3. The tap must be full-formed and smooth.

4. It must fit air-tight in the toe, and a single hammer-blow should be sufficient to fix it securely.

5. The head of a toe-calk must not rest on the shoe; a space of one-sixteenth of an inch should intervene.

Horseshoeing Part 5A

While a shoer of average mechanical ability can make a faultless peg toe-calk, it is not profitable to do so while good machine-made calks are to be had very cheap.

The best forms in use are the quadrangular heads, with oval, half-round (Figs. 171 and 172), and with two taps (Figs. 173 and 174).

In several European countries the peg toecalks with half-round tap and with two round taps are in use. To make good peg toe-calk shoes and fit the calks properly requires more than ordinary knowledge and skill. Poor work does much harm. Therefore, work carefully and get well paid for it.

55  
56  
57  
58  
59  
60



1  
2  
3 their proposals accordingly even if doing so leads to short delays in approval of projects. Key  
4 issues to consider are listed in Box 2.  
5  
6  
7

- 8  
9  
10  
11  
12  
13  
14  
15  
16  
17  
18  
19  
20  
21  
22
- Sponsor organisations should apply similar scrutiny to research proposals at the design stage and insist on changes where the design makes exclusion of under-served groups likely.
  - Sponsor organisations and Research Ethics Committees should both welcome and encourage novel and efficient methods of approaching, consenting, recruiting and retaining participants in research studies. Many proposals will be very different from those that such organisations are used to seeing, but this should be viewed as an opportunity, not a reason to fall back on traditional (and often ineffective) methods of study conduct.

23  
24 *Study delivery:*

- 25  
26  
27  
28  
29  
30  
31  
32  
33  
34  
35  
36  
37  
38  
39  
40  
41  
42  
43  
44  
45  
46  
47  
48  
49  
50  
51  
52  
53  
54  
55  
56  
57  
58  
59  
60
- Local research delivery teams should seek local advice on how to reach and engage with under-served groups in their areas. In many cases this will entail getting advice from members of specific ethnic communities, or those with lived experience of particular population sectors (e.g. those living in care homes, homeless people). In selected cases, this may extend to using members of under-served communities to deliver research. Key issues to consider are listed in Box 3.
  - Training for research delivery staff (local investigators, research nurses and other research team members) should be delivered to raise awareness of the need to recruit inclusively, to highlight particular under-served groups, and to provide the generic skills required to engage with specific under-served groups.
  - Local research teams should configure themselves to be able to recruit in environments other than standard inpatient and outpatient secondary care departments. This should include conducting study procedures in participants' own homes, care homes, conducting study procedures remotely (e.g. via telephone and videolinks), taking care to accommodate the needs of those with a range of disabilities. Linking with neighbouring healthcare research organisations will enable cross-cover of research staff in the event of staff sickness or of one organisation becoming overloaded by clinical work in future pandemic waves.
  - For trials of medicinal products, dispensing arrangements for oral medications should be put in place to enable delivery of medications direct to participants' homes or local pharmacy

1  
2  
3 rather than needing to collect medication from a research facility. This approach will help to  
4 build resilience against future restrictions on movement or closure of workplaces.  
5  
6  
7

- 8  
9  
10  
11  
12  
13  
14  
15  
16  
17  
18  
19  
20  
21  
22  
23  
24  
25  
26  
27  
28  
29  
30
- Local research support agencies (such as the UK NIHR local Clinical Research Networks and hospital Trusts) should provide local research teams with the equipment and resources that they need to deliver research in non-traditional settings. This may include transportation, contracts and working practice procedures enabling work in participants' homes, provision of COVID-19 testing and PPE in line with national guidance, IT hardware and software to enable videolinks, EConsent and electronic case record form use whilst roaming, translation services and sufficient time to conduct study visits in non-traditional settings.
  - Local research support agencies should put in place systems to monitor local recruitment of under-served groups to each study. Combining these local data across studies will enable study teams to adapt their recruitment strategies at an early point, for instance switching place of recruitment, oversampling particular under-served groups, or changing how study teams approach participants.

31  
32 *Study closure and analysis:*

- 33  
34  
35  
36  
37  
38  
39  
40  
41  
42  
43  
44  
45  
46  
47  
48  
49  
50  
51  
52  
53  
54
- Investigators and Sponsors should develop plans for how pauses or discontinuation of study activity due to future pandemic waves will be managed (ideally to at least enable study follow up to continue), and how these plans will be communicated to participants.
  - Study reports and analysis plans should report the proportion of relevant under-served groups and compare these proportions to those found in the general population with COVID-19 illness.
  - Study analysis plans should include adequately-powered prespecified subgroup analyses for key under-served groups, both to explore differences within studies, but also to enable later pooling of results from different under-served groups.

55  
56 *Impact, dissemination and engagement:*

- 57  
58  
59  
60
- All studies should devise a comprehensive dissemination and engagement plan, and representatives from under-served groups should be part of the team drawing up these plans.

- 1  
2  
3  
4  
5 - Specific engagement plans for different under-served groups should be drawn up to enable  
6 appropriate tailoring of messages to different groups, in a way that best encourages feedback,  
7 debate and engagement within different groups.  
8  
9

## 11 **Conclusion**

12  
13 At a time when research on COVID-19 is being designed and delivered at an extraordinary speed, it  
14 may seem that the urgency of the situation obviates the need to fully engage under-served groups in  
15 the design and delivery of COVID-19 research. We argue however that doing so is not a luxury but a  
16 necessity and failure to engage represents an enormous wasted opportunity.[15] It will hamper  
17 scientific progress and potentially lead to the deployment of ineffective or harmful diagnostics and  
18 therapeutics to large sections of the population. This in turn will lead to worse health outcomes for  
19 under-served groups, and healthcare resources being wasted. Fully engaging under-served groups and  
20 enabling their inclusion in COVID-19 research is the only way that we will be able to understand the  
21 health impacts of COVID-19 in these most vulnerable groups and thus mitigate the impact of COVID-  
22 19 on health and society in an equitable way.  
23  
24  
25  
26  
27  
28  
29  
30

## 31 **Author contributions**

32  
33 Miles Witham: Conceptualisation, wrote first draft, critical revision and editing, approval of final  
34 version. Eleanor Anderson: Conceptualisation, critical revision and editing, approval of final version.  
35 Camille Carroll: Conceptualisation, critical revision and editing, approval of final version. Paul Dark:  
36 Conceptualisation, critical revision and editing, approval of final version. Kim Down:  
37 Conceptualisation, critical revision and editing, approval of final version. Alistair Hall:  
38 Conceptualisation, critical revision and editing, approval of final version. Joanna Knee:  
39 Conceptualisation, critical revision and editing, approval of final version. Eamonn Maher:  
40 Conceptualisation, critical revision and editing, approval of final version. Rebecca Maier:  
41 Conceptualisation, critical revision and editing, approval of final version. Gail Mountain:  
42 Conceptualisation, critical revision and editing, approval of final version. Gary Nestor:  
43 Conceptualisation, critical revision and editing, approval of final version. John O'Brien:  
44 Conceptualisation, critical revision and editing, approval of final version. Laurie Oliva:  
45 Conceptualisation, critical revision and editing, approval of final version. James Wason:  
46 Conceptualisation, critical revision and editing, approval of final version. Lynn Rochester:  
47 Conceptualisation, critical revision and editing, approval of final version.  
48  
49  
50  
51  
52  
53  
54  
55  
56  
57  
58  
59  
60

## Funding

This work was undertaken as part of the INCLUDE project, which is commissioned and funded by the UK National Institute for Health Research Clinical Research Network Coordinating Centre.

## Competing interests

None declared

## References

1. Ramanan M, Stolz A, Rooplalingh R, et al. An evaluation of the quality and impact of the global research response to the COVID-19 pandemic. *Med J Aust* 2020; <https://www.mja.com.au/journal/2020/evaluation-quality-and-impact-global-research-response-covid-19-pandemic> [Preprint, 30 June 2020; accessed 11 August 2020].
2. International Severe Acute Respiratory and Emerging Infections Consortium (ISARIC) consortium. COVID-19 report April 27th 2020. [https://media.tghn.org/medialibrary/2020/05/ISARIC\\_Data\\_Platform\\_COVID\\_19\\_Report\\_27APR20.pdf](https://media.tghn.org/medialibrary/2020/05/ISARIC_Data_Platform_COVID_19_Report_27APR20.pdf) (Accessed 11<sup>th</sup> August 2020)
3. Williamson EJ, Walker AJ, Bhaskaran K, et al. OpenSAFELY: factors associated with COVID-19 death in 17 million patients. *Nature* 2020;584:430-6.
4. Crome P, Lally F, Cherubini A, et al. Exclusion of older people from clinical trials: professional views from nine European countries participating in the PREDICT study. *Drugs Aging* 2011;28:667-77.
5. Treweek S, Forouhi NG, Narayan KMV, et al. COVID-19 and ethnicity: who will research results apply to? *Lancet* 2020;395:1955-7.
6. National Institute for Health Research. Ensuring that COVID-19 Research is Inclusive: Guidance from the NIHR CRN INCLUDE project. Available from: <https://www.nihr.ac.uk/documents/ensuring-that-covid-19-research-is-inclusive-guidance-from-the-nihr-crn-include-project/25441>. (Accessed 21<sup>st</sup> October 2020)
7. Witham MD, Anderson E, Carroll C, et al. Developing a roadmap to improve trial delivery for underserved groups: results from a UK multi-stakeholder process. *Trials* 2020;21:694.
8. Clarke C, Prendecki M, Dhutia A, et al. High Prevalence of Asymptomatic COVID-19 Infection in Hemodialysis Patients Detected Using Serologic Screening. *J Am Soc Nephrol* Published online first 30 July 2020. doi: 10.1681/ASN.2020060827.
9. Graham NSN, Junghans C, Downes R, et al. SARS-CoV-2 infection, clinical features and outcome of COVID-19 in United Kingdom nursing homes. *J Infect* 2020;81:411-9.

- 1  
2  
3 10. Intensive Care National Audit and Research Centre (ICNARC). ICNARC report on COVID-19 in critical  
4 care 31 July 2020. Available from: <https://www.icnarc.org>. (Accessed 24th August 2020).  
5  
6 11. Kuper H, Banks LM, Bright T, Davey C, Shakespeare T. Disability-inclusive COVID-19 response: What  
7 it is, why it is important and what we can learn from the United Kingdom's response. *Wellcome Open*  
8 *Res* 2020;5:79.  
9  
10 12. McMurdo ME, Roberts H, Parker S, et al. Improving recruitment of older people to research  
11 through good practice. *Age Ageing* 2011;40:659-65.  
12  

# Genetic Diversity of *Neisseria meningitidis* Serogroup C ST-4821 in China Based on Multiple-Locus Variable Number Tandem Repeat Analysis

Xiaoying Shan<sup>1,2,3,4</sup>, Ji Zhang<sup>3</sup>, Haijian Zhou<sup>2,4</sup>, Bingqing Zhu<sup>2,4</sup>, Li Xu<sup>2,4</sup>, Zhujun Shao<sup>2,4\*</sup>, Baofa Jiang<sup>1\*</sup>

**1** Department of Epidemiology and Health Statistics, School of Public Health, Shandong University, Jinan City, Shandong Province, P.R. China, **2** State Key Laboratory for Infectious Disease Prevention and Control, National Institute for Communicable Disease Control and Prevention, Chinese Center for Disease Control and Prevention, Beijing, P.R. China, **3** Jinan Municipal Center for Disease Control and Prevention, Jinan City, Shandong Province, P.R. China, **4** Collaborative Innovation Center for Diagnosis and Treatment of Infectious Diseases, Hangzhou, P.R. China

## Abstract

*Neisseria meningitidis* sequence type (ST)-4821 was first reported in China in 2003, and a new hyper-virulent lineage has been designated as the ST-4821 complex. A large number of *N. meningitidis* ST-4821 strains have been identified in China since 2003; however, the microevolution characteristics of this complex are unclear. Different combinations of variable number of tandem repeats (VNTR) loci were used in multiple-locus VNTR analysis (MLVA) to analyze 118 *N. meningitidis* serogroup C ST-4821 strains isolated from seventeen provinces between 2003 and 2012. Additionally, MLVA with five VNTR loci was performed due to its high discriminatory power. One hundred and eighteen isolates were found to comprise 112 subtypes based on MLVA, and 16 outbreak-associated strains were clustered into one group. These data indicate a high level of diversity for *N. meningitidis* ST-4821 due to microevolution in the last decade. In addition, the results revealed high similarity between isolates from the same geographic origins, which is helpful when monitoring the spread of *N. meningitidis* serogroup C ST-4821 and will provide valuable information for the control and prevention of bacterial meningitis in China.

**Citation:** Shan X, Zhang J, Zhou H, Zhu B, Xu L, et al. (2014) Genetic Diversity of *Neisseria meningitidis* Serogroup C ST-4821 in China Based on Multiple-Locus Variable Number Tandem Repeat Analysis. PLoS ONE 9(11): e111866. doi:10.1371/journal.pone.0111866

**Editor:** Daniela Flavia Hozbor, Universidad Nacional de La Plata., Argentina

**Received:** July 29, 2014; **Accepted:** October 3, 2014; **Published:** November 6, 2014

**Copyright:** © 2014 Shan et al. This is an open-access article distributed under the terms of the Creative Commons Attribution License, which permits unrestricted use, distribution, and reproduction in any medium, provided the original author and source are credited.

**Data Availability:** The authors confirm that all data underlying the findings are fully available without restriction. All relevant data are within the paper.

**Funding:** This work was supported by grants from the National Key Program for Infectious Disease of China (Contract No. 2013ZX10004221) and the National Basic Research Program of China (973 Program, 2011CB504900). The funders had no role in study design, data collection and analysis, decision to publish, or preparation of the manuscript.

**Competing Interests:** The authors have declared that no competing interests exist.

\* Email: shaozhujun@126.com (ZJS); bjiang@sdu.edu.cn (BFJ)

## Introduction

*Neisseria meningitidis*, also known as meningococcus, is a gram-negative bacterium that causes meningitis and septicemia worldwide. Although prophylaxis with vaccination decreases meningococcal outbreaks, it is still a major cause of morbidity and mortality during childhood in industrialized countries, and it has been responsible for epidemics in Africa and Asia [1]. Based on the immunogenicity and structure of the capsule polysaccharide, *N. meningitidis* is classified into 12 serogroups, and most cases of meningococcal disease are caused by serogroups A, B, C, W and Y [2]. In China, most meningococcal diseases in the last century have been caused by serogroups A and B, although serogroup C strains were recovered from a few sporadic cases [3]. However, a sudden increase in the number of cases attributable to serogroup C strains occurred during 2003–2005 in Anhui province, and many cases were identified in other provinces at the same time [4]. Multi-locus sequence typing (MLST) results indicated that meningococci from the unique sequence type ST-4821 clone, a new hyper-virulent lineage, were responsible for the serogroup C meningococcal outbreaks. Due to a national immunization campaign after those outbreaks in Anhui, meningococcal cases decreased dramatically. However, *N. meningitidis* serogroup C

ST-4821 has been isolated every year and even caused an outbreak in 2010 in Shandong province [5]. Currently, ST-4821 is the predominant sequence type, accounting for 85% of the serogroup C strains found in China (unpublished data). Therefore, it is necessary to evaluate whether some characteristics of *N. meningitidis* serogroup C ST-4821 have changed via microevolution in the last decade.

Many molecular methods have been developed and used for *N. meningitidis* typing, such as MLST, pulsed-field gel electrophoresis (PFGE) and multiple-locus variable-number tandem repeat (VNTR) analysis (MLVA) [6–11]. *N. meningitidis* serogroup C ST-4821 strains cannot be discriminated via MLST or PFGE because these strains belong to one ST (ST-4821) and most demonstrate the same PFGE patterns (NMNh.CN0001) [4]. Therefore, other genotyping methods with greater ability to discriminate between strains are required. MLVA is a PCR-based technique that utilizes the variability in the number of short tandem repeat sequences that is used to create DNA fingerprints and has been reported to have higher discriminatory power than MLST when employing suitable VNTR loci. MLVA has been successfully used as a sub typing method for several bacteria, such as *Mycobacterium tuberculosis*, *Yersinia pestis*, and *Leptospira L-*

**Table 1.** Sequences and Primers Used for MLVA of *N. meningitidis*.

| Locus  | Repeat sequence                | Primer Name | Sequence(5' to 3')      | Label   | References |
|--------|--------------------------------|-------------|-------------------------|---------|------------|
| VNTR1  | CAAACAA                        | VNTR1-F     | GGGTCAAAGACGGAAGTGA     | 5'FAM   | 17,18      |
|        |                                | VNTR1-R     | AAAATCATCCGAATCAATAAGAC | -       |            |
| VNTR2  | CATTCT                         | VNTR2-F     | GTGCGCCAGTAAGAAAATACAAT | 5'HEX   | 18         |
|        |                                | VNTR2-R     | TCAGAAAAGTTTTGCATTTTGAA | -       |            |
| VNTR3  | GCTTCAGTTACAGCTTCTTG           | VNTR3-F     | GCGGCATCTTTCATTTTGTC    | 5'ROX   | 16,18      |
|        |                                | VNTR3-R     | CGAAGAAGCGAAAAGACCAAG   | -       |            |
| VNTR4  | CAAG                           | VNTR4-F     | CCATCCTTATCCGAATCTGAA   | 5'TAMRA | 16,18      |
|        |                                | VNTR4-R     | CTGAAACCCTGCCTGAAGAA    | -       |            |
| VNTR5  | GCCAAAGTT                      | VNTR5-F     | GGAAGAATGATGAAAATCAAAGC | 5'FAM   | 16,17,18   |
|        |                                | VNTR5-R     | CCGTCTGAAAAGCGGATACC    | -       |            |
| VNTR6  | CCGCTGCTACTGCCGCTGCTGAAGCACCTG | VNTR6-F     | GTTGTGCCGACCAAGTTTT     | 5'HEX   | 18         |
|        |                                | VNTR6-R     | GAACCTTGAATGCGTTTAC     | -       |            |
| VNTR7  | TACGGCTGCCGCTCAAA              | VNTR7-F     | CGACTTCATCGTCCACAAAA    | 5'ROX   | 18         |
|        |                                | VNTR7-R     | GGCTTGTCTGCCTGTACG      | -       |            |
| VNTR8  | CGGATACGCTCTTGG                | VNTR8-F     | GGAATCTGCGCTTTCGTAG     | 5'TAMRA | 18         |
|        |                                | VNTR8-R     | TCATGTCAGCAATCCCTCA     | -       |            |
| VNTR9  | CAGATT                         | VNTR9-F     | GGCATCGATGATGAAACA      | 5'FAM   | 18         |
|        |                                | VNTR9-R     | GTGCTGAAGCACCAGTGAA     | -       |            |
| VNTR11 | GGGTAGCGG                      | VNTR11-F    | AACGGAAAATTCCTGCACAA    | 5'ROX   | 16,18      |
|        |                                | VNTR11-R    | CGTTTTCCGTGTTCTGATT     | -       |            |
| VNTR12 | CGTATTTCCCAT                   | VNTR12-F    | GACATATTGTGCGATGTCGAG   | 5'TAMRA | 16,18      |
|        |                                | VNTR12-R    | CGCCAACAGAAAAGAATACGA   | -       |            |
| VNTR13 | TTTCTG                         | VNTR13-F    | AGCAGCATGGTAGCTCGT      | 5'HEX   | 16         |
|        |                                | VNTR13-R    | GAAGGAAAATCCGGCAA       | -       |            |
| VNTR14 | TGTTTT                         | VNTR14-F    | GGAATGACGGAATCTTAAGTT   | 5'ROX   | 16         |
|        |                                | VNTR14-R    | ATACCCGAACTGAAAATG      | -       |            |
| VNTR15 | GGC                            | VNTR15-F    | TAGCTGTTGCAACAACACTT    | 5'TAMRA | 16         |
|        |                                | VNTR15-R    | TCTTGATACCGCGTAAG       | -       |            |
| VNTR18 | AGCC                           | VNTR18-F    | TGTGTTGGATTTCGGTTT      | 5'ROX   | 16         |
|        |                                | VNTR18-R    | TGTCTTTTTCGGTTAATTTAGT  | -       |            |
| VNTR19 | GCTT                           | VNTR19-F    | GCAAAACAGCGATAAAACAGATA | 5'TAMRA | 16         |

6. Removable Heel-Calks that do not Require Sharpening. – The undeniable fact that all chisel-shaped or pyramid-shaped sharp calks become dull in time, and must then either be sharpened or replaced by new calks, renders shoeing not only costly, but injurious to the hoofs and annoying to the owner. This drawback is most pronounced in large cities, where the snow never lies long upon the streets, and the horse just sharp-shod is soon obliged to travel upon bare pavements. Attempts have been made to lessen this annoyance by the use of calks that do not require sharpening, and yet which will prevent slipping even after they have been used for a long time upon bare pavements. It cannot be denied that such calks have considerable value, and, except when the ground is covered with ice, many of these calks render excellent service. Just as the ordinary sharp calks are satisfactory and very durable outside of the large cities, so now for the first time a few of these recently invented sharp calks seem to be worthy of recommendation for city use. The following are the best: